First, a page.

Mexico: A New Frontier

To sign overseas buyers, Torres and his peers are especially keen this year on Mexico. Many of the affluent there are concerned about policies under their country’s new president “because of the way the government is changing to a stronger, socialist-type,” says Torres. “Many people in Mexico are putting together their Plan B.”

Mexico ranks as “target No. 1” for foreign buyers at the Villa Valencia project that Kapoor’s Location Ventures will soon build at 515 Valencia Ave. The group is developing a 13-story tower with 39 estate-sized condos, the kind of unit popular among offshore buyers who like room for family. One Sotheby’s International Realty is handling sales and starts presentations at its recently opened Mexico City office in April, says Kapoor.

Many people in Mexico are putting together their Plan B

Henry Torres

“Many countries in Latin America, Europe and other regions go through cycles, when their economies are hot and they’re looking to deploy cash overseas, or when there’s political or economic stability and there’s capital flight,” says Kapoor. “In Mexico, the economy has been rising, and there’s a certain amount of political uncertainty, which are both driving affluent buyers to look in South Florida.”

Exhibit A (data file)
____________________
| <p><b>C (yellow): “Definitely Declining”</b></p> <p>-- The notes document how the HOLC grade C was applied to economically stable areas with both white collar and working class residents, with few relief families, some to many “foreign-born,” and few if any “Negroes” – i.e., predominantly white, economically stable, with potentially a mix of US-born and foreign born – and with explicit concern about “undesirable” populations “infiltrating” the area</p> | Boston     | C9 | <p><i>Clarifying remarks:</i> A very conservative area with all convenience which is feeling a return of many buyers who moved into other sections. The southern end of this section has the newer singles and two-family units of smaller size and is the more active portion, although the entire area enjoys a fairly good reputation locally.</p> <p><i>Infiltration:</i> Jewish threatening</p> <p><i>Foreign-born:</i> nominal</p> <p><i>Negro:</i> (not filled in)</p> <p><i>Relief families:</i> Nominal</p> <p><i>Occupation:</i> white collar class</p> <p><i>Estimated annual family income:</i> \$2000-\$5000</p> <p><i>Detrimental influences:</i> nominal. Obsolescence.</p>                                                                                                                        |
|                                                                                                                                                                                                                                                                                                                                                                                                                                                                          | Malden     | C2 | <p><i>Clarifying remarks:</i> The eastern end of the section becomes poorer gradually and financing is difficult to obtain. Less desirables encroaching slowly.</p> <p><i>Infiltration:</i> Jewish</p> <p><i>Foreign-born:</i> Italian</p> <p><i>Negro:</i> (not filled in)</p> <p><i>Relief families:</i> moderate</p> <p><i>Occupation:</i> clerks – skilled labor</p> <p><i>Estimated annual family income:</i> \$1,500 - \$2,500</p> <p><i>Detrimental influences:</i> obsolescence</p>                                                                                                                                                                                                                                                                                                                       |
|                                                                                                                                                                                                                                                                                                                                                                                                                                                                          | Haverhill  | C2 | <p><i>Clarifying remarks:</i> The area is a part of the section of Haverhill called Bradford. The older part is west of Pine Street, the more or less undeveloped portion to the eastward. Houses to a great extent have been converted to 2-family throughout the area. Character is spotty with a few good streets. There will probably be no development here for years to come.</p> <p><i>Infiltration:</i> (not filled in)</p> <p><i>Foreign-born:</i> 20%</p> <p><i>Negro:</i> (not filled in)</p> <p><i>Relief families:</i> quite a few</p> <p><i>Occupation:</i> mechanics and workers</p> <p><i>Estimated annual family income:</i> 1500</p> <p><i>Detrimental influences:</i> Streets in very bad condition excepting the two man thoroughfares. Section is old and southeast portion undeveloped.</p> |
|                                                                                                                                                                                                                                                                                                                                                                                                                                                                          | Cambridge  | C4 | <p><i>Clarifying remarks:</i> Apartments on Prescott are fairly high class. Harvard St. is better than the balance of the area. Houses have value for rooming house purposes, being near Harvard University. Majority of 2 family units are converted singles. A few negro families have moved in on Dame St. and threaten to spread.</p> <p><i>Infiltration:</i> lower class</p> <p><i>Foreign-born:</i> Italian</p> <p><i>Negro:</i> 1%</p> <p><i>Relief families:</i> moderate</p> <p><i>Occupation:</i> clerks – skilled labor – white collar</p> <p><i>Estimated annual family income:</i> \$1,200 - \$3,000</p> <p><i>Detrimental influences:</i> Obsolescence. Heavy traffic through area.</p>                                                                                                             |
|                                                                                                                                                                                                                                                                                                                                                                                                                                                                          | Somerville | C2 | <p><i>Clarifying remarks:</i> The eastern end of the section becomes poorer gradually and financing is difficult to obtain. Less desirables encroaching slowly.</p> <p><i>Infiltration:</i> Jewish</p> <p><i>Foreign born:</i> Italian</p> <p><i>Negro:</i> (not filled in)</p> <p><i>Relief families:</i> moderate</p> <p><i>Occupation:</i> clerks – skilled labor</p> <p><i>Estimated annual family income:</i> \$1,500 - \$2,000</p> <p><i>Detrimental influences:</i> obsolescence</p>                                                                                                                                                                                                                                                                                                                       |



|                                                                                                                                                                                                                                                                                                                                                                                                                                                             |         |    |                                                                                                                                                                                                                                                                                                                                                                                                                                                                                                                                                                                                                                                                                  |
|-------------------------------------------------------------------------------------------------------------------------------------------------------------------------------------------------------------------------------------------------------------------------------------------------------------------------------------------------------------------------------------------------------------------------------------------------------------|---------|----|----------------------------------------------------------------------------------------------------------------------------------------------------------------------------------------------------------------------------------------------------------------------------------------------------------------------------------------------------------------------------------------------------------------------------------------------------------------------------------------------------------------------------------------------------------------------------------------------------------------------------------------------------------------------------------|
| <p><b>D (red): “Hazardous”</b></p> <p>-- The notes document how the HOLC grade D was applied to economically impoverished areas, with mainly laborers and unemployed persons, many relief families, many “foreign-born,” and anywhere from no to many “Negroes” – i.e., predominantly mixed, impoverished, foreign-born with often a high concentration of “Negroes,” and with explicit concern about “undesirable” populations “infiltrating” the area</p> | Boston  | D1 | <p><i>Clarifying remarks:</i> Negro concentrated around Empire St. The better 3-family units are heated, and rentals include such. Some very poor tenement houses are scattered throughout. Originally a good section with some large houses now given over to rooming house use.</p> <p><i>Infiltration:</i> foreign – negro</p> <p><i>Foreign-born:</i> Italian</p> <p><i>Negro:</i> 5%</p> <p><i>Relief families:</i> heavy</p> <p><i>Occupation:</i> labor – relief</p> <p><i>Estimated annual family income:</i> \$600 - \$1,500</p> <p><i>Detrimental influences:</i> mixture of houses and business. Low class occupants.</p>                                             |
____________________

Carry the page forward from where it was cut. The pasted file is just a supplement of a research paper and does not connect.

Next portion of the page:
Kapoor says his team also is talking with clients from the United Kingdom, as that country grapples with exiting the European Union. Plus, they plan to seek buyers from Colombia and Chile among other Latin American nations that have long viewed South Florida as a safe hub for businesses and homes.

U.S. Immigration Politics Weighs

Still, luxury real estate doyen Audrey Ross doesn’t see foreign buyers rushing in. Ross often uses Gables Estates and the multi-million-dollar homes sold there as a barometer for business. In the past three years, she gures just three of the dozen-plus sales in Gables Estates went to overseas clients – with none sold to offshore customers during the past 12 months.

Audrey Ross

A stronger dollar is part of the reason, because it makes prices higher in other currencies. Yet politics also weighs, she says. “There’s some latent predisposition for offshore buyers to be skeptical about the political situation in the U.S., feeling that policies are not as friendly,” says Ross, who leads the Audrey Ross team working with luxury real estate group Compass. “They simply don’t know that the doors are going to be as wide open [as always] and are going to stay that way.”

Immigration lawyer Deidre Nero knows those concerns firsthand. “The feeling that this administration is anti-immigrant is turning people off. That’s discouraging,” Nero says. She’s seen a decline in U.S. approvals for legal immigration, from tourist to student to work visas, partly because of longer processing times and more stringent vetting. Even marriage-based green cards can take up to three times longer to obtain under the Trump administration, she says.

“People don’t buy residential real estate to obtain a visa,” says Nero. “People come to the U.S. to open businesses, to go to school or to visit regularly. [But] they want to purchase homes, because they need a place to stay. So, immigration policy affects real estate across the board.”